But for children learning at home or out in the real world, parents do the job perfectly. I am both a teacher and a home educator, but I do not use the same skills for both. The skills I use to support my own children’s learning, are the same skills that I’m pretty sure most parents would be able to learn or muster if it came to it. They are skills that are concerned with supporting and allowing our children to learn things as our family chooses. Qualified teachers are not the experts when it comes to our children: we parents are.

And we can educate our own children.


Today’s milestone: feeling free

Today felt like a milestone for me. It’s so weird that it was just an ordinary day for everyone else. But for me, it was an achievement.

For the last two years (more, even), I’ve felt frustrated. There’s a massive home-educating community in our part of the country, with things going on every day of the week. Things that I know my kids will love doing. Things that I will love doing with them, or knowing that they are doing. But until now, my job has always got in the way. The week days – when the majority of the groups and workshops and meets are held – have always been off-limits for me, due to my teaching job. It has always felt like the very time of day when I feel like I most want to be with my own children, I am without them, and with other people’s instead. And it has felt increasingly wrong. And incredibly frustrating.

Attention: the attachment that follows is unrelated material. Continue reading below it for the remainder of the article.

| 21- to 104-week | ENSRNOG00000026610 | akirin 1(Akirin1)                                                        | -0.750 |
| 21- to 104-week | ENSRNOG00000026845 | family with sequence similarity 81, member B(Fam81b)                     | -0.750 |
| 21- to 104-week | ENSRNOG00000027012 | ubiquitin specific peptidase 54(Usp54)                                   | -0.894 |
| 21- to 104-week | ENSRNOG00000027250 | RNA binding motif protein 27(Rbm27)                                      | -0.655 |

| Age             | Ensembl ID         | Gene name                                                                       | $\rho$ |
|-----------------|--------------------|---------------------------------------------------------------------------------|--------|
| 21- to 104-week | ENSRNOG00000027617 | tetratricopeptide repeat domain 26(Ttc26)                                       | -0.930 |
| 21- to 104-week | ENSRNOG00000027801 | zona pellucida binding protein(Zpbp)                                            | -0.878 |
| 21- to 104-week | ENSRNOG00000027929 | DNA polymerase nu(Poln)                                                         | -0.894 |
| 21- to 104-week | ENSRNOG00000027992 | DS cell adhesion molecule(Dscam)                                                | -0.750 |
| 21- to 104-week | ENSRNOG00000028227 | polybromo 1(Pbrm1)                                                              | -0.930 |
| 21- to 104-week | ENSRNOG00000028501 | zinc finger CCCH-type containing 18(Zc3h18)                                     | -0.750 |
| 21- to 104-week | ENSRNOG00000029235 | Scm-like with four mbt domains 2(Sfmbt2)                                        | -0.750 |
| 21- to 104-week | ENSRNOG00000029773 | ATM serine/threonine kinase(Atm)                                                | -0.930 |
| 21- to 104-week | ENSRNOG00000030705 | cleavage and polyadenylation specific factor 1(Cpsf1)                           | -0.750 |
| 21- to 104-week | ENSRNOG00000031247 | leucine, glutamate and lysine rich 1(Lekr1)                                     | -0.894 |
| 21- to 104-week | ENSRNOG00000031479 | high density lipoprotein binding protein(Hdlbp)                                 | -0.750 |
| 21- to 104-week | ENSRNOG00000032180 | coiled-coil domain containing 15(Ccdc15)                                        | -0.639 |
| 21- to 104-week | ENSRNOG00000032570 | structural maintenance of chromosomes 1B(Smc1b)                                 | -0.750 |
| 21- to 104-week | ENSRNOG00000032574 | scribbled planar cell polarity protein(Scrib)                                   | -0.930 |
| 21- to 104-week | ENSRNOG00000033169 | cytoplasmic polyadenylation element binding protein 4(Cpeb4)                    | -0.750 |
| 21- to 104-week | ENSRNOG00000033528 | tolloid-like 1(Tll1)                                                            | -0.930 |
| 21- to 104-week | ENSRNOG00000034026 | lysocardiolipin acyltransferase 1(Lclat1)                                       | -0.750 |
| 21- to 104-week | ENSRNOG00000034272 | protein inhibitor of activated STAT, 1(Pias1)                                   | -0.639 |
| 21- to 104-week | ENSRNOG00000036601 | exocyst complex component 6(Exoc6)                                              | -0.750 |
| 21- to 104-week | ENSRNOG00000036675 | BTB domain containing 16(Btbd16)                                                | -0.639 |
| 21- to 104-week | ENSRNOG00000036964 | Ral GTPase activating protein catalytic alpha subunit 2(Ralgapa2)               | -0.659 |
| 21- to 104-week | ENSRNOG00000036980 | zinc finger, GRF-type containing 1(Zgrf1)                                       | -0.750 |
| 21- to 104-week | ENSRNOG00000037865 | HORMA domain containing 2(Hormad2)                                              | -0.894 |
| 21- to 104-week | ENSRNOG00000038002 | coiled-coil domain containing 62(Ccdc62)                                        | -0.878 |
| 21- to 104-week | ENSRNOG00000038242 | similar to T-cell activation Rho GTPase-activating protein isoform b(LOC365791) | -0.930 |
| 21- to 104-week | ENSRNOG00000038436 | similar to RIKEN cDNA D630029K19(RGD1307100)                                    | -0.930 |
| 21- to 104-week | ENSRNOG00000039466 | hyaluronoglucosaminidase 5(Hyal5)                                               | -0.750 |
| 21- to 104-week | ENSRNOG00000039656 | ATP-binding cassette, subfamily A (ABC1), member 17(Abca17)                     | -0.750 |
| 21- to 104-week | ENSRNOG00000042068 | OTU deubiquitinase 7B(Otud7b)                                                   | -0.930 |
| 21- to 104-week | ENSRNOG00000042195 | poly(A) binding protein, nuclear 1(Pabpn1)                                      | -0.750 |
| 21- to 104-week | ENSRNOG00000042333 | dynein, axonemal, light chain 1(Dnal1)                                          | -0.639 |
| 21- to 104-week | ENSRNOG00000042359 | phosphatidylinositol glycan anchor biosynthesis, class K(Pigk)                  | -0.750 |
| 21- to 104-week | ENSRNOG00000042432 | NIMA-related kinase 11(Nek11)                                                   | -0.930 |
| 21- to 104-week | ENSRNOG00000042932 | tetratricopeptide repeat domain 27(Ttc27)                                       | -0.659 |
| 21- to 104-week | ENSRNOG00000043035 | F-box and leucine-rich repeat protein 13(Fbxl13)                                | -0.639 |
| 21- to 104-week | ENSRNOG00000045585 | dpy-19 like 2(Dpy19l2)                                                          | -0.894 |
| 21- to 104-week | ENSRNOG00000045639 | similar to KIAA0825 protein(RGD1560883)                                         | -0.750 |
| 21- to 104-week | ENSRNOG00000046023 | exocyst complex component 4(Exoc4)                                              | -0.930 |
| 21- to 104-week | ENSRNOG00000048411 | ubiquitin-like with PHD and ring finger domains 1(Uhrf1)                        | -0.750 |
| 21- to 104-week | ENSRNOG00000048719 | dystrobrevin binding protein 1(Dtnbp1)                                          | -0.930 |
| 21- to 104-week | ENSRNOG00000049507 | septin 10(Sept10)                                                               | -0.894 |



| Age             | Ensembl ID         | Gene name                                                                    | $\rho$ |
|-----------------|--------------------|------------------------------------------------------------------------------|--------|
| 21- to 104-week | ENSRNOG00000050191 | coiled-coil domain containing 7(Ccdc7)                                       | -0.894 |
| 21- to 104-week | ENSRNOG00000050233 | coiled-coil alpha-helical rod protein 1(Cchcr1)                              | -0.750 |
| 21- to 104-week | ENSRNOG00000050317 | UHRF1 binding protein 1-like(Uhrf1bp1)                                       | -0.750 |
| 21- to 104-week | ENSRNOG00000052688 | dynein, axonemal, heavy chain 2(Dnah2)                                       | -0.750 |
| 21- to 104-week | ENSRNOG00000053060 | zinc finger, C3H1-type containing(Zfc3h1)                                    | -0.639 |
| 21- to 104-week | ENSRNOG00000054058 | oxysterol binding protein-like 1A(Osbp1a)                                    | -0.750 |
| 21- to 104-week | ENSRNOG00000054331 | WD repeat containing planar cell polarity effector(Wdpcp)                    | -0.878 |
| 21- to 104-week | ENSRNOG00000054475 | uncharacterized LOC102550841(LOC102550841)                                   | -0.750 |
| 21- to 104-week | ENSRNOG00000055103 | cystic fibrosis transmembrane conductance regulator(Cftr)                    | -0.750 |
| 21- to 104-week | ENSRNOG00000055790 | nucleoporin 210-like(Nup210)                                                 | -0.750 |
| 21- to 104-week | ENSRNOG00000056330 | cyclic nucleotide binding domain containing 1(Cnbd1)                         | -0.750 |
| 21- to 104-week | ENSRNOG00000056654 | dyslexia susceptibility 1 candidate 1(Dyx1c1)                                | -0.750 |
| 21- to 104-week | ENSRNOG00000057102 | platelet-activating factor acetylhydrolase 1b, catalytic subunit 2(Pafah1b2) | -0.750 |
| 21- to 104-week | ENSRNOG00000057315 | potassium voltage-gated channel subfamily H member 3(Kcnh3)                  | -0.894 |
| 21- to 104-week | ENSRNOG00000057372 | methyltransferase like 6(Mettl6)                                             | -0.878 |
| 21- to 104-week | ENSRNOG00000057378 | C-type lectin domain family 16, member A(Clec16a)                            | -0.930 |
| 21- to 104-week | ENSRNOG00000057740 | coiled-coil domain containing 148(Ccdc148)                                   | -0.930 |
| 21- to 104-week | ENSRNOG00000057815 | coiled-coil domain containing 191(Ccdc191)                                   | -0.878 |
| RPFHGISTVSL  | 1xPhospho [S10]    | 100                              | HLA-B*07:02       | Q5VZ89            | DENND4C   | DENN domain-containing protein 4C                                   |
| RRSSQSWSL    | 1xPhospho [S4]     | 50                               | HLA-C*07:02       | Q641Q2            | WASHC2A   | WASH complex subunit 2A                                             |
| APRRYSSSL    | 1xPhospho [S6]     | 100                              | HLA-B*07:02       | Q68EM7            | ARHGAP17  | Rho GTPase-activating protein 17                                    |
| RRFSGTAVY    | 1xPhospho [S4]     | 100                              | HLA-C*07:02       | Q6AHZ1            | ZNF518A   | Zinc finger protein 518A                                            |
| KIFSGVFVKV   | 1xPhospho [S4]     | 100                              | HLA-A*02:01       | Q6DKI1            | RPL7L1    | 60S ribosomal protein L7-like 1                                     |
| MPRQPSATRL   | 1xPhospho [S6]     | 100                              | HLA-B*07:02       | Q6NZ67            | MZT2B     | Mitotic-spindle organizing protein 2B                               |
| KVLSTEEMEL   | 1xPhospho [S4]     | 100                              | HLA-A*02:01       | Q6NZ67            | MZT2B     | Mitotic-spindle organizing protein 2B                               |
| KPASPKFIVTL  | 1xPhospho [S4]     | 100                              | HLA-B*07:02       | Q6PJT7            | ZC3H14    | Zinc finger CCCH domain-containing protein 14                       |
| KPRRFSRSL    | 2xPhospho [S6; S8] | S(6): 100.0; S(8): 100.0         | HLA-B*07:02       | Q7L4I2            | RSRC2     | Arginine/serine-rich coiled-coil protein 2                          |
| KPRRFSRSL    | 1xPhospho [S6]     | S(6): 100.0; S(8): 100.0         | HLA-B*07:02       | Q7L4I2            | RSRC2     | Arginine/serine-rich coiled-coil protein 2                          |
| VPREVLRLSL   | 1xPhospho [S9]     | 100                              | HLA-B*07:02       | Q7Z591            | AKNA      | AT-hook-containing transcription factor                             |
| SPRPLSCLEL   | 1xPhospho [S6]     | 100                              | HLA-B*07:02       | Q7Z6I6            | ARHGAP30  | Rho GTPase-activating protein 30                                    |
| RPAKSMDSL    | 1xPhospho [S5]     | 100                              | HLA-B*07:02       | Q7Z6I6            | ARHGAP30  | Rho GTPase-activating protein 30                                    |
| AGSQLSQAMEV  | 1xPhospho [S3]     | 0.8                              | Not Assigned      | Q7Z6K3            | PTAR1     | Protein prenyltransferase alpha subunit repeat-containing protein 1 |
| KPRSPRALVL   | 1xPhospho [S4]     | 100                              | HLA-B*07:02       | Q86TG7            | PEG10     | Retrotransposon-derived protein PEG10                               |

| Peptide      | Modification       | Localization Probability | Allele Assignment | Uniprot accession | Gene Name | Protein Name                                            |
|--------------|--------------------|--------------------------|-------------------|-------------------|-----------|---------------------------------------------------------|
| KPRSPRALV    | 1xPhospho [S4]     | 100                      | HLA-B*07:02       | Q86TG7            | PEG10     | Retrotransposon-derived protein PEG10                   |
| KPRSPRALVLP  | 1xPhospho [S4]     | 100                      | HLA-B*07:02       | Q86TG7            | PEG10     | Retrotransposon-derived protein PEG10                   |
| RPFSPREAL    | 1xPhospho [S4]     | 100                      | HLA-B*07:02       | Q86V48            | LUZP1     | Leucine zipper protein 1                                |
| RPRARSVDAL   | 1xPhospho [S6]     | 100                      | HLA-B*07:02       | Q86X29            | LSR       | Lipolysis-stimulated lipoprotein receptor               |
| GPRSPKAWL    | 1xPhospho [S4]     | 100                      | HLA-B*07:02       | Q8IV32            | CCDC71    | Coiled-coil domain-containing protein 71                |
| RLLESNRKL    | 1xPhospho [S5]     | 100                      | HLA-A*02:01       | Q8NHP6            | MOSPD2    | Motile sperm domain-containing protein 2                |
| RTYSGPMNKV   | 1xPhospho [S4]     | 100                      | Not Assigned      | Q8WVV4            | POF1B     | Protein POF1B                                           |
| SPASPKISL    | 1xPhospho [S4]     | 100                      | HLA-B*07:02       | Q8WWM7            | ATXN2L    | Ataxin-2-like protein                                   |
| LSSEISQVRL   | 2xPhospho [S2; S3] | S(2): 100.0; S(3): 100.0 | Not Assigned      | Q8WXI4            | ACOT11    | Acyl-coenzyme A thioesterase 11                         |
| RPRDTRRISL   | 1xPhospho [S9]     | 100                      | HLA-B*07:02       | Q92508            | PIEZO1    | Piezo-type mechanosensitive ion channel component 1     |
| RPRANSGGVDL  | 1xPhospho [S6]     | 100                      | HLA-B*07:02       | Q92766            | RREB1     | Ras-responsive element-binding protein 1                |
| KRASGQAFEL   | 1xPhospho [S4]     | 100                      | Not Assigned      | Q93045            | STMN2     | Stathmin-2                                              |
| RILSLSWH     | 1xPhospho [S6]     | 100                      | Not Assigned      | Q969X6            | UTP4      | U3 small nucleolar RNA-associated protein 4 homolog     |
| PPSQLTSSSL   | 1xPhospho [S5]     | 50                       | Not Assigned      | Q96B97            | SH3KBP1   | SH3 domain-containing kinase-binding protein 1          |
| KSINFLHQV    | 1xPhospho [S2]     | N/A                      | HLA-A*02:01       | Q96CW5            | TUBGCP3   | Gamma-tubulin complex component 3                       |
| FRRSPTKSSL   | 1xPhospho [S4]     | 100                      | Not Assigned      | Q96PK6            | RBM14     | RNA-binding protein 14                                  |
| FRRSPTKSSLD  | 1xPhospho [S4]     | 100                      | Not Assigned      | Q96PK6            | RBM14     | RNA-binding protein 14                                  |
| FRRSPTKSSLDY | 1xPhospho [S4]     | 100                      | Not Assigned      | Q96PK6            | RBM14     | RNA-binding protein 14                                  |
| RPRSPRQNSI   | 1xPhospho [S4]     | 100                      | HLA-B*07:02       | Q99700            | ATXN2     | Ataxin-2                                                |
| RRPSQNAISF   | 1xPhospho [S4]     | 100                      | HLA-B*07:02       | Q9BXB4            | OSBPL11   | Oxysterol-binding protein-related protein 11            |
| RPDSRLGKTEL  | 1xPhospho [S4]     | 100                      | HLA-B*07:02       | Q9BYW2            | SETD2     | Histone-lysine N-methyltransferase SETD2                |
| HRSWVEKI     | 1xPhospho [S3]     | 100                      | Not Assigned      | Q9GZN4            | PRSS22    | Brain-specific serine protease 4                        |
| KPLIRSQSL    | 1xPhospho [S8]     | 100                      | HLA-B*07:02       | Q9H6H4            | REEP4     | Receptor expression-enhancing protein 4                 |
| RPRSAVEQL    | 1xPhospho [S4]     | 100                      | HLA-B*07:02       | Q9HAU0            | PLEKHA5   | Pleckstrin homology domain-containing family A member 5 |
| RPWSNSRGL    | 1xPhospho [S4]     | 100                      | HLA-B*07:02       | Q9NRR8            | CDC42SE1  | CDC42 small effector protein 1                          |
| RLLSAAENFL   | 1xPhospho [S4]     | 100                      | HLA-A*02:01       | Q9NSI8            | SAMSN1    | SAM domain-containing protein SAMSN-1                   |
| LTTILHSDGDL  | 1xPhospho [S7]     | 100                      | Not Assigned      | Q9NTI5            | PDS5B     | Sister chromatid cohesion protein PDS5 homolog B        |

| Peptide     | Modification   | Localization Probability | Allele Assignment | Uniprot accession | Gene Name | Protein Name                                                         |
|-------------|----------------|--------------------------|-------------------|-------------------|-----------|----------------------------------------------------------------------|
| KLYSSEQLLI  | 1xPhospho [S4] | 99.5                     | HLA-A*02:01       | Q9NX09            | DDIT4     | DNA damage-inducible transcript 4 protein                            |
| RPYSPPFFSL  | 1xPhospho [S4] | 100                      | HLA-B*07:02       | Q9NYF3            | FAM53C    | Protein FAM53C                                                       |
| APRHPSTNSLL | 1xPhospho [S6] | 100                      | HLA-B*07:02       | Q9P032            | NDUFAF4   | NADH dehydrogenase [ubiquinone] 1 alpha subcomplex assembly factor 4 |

Just under two weeks ago, I worked my last day. And I walked away from my teaching career. That day was also a milestone.

Last week, we headed off for some time away, staying in a caravan on a holiday park just far enough away from home to be a holiday, but not too far away to cost the Earth or have hours of travelling. And we all loved it. But the real magic is happening now we are home…

Today, after two years of missing it, we were finally able to go to one of the home-ed meets that I’ve been wanting to get to. Don’t get me wrong, we have been to home-ed meets and classes before, but it’s been hit and miss finding ones that my kids would enjoy that didn’t clash with my work timetable. And this was one that I had been really really wanting. And so had the kids. It’s a weekly swimming pool session, followed by picnic lunch and play at the park. It doesn’t even sound spectacular in any way. But to me, it is. My Tuesday – previously a workday sandwiched uncomfortably between other work days – suddenly feels free, and fun, and full of friends.